The reasons people emigrate to someplace else are often economic – they see little hope for a prosperous life for themselves and their children in their native culture, so the move is to give them the chance for a better life. Perhaps the people are being persecuted within their own nation for their ethnicity, their politics, or their religion, so they seek the freedom to pursue their lives as they choose without persecution or discrimination. No matter what the reason, there presumably must be something pretty bad about someone’s native land and the situation in their destination country must be perceived to be better in that regard. Otherwise, it seems difficult to understand why someone would uproot themselves to go somewhere else. Why leave and go there if there was little prospect to a big improvement?
It seems clear to me that when an immigrant arrives in their new land, they should be willing to live by the laws of their new nation, and to adopt their new culture as soon as possible – that is, to become assimilated into their adoptive nation as soon as possible. This doesn’t mean they have to wipe away any traces of their native culture – but how much pride can you have for the culture and traditions of a nation that you chose to leave?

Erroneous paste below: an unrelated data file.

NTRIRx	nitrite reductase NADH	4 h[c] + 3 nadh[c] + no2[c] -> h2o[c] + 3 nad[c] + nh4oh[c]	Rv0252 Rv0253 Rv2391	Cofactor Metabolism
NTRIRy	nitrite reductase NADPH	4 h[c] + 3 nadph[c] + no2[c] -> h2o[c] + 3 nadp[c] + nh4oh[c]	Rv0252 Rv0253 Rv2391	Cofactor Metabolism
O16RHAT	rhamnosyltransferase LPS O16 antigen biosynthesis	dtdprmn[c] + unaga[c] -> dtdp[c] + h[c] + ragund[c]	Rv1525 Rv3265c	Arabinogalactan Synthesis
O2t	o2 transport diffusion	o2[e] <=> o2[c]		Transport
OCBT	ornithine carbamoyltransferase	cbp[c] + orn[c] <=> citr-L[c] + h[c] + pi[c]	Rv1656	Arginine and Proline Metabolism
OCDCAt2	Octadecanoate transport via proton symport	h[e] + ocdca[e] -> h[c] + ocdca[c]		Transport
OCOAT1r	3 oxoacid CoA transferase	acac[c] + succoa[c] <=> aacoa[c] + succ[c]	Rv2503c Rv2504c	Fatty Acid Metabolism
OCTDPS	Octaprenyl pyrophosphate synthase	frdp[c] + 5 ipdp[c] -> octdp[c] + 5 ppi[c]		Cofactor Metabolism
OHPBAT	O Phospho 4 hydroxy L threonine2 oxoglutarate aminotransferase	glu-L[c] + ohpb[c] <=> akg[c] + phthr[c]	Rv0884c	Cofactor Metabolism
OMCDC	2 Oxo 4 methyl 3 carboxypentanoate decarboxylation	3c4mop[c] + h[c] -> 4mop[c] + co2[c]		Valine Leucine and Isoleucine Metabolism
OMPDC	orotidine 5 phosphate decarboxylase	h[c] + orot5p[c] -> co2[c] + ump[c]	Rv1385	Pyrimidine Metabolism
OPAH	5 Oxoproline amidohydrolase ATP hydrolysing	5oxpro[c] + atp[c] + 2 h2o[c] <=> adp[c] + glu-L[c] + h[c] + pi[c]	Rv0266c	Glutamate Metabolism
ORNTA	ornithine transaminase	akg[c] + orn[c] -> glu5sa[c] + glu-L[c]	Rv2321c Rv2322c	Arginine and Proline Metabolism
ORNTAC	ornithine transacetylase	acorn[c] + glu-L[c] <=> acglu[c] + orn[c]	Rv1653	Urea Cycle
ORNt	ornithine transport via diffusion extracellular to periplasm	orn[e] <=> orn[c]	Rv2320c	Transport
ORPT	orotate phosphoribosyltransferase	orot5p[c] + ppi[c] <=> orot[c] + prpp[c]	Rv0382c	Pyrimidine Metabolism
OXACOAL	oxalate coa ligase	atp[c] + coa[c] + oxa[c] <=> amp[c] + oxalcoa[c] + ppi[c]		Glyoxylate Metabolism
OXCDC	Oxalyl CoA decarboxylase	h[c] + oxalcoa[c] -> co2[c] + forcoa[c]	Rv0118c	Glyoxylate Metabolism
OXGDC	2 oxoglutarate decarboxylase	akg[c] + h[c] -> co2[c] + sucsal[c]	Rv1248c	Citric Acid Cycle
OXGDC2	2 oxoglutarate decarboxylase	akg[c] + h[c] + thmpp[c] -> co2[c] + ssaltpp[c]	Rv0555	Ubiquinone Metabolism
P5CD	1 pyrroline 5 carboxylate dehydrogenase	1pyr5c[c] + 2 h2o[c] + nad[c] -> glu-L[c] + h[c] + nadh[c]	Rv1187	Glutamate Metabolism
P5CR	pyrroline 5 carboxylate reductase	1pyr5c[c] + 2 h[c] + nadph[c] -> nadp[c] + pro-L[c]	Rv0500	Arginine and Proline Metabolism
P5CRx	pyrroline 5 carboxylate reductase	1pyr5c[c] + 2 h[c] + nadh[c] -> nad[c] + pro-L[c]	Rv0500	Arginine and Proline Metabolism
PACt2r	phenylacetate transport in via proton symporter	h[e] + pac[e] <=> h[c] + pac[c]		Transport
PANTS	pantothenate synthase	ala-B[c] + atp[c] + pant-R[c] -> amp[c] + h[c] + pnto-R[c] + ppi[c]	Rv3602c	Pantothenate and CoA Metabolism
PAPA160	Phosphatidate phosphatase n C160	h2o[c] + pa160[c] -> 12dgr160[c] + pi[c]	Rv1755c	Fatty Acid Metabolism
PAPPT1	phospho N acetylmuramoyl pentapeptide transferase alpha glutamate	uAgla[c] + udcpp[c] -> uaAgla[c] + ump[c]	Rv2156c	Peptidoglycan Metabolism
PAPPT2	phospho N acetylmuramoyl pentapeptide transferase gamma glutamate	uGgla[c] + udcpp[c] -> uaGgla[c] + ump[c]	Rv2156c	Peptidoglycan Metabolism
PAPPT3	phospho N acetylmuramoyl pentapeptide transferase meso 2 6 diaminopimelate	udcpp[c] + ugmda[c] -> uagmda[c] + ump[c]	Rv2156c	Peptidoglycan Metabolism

It’s often the case that immigrants gather together in enclaves of fellow immigrants from the same nation/etnicity, rather than simply dispersing throughout their new land. This way, their neighbors speak their native language, celebrate the same holidays, follow the traditional customs, and so forth. It’s quite natural to seek the company of others of your own kind – tribalism is built into our genes. The problem with this clustering is that it inhibits assimilation. The immigrants seek to retain everything familiar to them, with the exception of whatever negative situation caused them to leave their home land.
If immigrants live by a different set of rules in their enclave from those of their new country, this is permitting at least some (and perhaps most) of what they wanted to leave behind when they left their birthplace. Immigrants have a responsibility to assimilate, to learn the language of their new country, to follow the laws and customs of their new home even as they honor whatever good things they retain about their original culture. Seeking to have some sort of cultural autonomy is to sanction disregard for the laws and customs of their new nation. If they have no respect for those laws and customs, it's illogical to move from your original home to that new country? Go back home and return to the situation you left!
Your huddled masses yearning to breathe free,
The wretched refuse of your teeming shore.
Send these, the homeless, tempest-tost to me,
I lift my lamp beside the golden door!